The new school year always means transition and sentimentality for parents. Our children are passing a milestone, growing up. We’re simultaneously proud of them and sad for the childhood that is passing by too quickly. I’ve always tried hard to put my focus ahead, being excited for them for their new adventures, the new things they’ll learn, the friends they’ll make, the realizations they’ll have. It’s exciting to watch your child’s life emerging before you. But what if that life will be emerging out of a parent’s view?
In a week, my oldest child, my first born, my daughter is moving to another state, in the south. She’s going to grad school. She left before, for her first two years of college, but she was still in state, within reach (via a four-hour drive). Then, because of my father’s cancer diagnosis, she moved back home to be closer to him. Now, she’s moving out of state, across the country, for a five year program. I don’t know if she’ll move back here when she has her degree. This could be it. The first kid truly flying the nest.
My mother, her grandmother, is devastated by this, even though she, herself, left her family and moved across the country when she was around the same age as my daughter. The more upset my mother gets, the more hardened I have to become to my daughter’s move because, like watching a Hallmark commercial, I can’t see other people cry without crying myself. It’s a messy time.
But this is what people do. They bring children into the world, raise them to be good, functioning, happy people and then send them off. Almost everyone I know left their parents’ homes to move elsewhere (ironically, except for Thomas and me but it wasn’t for lack of wanting to). “It’s just what happens, it’s the natural progression of things,” I tell my mother, and myself. “It’s the way it’s supposed to happen.” And if Thomas and I have done a good enough job as parents, and if Ann has done a good enough job becoming the person she has become, she will make good, wise, safe choices out there on her own. And she will flourish and build a life for herself, carving out the kind of existence she wants for herself. What more could a parent want for their child after all the years of raising them?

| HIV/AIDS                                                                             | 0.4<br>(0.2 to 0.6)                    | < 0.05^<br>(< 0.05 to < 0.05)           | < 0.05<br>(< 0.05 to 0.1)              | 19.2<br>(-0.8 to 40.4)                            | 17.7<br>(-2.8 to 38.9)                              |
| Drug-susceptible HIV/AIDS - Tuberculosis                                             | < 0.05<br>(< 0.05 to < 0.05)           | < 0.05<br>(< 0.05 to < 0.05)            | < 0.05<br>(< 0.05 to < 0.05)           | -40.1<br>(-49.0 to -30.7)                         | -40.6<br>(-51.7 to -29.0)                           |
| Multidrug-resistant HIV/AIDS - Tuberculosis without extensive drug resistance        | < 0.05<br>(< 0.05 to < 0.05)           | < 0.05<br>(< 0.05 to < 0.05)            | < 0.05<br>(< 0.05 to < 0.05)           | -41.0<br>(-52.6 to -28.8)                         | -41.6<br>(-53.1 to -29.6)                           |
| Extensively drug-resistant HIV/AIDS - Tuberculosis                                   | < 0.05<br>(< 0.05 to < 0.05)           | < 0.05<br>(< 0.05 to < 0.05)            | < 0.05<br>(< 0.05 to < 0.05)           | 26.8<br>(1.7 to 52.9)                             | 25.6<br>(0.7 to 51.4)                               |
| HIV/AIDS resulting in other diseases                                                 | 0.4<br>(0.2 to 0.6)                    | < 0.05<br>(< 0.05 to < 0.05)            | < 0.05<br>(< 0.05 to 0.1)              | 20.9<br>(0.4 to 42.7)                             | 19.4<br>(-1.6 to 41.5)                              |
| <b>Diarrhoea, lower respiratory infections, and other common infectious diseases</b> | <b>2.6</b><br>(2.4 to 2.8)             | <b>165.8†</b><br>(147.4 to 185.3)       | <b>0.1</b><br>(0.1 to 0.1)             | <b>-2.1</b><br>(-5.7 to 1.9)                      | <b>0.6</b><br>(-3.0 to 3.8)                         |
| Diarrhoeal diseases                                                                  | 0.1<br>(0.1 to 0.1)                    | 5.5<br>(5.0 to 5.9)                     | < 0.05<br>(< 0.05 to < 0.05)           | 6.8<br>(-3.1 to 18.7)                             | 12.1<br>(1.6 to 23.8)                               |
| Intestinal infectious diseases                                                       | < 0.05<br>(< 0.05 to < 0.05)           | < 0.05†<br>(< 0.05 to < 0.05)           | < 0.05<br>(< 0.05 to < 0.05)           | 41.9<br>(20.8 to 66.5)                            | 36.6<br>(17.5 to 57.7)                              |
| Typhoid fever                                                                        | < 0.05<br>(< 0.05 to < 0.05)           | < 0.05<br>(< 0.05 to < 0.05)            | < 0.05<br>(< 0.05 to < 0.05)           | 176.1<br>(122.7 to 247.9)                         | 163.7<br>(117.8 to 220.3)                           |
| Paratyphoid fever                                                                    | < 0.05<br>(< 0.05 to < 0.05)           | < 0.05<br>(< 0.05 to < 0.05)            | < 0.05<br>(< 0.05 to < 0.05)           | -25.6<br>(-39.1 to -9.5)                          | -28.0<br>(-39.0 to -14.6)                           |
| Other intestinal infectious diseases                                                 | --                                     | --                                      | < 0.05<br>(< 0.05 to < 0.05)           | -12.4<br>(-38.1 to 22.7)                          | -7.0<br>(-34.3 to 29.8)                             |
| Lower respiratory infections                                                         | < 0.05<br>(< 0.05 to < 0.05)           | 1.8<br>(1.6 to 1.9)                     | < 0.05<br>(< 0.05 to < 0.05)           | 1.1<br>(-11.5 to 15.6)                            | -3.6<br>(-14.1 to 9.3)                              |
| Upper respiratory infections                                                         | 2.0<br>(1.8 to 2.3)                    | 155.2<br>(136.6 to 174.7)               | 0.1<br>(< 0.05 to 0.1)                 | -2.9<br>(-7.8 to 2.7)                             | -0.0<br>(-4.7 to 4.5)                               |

So back-to-school time for us means sending her not down the sidewalk to the school’s front door, but across the country to many unknowns. I try not to focus on the childhood that has passed or the fact that our family of six is starting to disperse. It’s just the way it’s supposed to be. At least that’s what I’ll keep telling myself as she drives away this week. And for many days after.
Reading Courtney’s words leaves me with a lump in my throat and tears in my eyes. Everything she writes, I also feel. This letting go part of parenthood hurts. A lot. A father’s pride fills my heart, as do a father’s concerns. I have every confidence she’ll do well, and can only hope she’ll be safe. I’ve counseled her to prepare for hurricanes, buy renter’s insurance and get used to lots of bugs. I’ve encouraged her to embrace her new life in a region of the country unknown to us. “Don’t pine away about home. There’s no point in that! Throw yourself into making the most of your time there. You’ll be back at holiday time and we’ll look forward to visiting you. It’ll be great!” I’m still trying to convince myself of that last part.
Ann’s sister and brothers are feeling pain, too. They mostly hold their emotions close and joke away our attempts to talk about her departure. But Courtney and I know better. We catch glimpses of watery eyes and sadness in their faces as her departure draws closer. Grace, particularly will miss her big sis and the closeness of “coming into womanhood” guidance she has given. Ann has been such a dominant force in the household, indeed at times an unpredictable force of nature! When she leaves, the sibling dynamics will shift, and no one knows for sure what the end result will be. There will be loss and they will miss her in their own way.
Unlike Courtney and Ann’s siblings, my parting is delayed a few days. I’ll be driving cross-country with her and a carload of belongings to a new apartment in a small town. We’ll fill it up with stuff and shop around for some essentials. We’ll sightsee a bit, eat with the locals and have a few laughs. Then I’ll leave. Within hours she’ll be two time zones away. Her bedroom will remain half empty, awaiting her holiday visit. Already my insides turn to jelly at the thought.